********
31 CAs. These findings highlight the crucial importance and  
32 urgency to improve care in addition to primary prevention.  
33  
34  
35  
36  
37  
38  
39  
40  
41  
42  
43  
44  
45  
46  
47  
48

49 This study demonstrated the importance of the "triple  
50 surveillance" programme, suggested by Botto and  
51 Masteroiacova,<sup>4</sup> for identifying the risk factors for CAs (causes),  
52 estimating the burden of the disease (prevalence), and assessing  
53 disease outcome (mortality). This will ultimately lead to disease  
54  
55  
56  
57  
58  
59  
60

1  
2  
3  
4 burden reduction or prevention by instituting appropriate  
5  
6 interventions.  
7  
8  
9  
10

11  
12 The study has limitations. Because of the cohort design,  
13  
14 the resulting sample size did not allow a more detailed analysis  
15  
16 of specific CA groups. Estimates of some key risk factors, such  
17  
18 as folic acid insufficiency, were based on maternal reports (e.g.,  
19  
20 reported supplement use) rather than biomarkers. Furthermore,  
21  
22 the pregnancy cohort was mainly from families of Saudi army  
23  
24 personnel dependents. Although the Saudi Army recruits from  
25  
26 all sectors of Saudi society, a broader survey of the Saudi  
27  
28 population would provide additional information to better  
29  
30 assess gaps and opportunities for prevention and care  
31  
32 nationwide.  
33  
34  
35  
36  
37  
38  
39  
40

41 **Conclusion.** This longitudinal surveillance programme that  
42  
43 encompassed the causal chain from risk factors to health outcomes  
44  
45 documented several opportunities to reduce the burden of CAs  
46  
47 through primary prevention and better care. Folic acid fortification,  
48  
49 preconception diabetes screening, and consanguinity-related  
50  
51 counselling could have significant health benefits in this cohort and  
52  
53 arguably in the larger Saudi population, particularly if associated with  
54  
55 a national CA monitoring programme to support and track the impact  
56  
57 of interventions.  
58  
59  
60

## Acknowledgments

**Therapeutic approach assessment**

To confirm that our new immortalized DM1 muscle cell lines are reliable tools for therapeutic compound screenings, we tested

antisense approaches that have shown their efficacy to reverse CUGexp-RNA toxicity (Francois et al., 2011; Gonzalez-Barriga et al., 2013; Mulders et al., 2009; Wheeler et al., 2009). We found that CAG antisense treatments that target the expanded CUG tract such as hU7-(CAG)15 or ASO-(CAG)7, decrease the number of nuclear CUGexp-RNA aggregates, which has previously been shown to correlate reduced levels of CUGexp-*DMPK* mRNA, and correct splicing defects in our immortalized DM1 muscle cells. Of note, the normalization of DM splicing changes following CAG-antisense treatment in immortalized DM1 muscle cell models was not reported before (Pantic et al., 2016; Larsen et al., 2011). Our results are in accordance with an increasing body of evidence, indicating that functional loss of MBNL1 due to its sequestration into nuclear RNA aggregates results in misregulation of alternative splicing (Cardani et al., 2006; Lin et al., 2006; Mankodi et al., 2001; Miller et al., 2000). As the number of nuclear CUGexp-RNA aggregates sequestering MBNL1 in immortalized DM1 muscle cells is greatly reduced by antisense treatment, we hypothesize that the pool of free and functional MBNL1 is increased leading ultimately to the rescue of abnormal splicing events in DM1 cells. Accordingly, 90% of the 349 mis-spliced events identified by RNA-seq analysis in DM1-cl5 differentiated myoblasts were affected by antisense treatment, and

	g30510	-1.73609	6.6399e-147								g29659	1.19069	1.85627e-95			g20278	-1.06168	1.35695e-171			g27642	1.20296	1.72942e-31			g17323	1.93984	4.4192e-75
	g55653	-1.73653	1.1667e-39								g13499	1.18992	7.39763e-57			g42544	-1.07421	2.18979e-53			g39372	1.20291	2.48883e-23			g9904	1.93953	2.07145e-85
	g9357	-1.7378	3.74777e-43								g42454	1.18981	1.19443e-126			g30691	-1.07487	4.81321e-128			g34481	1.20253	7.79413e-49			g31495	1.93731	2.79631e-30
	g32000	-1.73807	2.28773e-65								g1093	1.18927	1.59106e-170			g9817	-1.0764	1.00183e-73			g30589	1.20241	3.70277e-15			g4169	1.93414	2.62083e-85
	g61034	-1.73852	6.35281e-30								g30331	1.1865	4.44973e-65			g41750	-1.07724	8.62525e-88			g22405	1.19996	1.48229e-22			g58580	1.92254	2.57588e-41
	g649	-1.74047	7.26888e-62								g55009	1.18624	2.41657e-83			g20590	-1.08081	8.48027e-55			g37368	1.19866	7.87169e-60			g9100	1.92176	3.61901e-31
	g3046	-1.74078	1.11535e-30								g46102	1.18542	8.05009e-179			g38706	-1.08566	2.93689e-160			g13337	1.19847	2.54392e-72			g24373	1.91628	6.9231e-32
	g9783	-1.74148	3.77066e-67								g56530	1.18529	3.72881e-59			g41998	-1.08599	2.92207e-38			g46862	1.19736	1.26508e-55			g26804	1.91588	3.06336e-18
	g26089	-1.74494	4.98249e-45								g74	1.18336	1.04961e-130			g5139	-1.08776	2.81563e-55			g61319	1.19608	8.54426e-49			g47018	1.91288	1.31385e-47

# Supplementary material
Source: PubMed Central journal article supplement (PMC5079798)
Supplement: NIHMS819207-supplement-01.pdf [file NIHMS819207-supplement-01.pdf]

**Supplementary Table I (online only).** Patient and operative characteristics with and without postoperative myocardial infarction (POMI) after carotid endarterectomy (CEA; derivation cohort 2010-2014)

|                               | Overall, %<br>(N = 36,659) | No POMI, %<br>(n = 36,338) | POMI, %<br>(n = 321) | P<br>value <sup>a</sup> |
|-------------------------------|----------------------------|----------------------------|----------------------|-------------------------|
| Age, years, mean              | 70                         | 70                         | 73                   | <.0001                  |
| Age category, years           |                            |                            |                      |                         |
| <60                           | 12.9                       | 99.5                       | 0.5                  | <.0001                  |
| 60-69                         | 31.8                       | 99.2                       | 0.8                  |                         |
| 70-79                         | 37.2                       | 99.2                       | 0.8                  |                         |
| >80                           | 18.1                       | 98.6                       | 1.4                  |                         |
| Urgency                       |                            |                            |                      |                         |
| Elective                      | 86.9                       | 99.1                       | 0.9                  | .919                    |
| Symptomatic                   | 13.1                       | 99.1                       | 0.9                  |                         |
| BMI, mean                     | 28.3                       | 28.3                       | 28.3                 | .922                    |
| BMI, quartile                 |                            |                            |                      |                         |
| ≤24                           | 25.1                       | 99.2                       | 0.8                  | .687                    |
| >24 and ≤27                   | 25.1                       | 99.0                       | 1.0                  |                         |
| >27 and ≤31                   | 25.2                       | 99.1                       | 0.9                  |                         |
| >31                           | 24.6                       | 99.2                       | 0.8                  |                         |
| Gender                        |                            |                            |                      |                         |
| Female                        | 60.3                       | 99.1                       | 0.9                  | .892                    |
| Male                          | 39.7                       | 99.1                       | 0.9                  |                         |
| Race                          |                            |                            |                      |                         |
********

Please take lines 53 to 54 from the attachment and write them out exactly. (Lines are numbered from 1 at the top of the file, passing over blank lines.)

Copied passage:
23  
24 personnel dependents. Although the Saudi Army recruits from  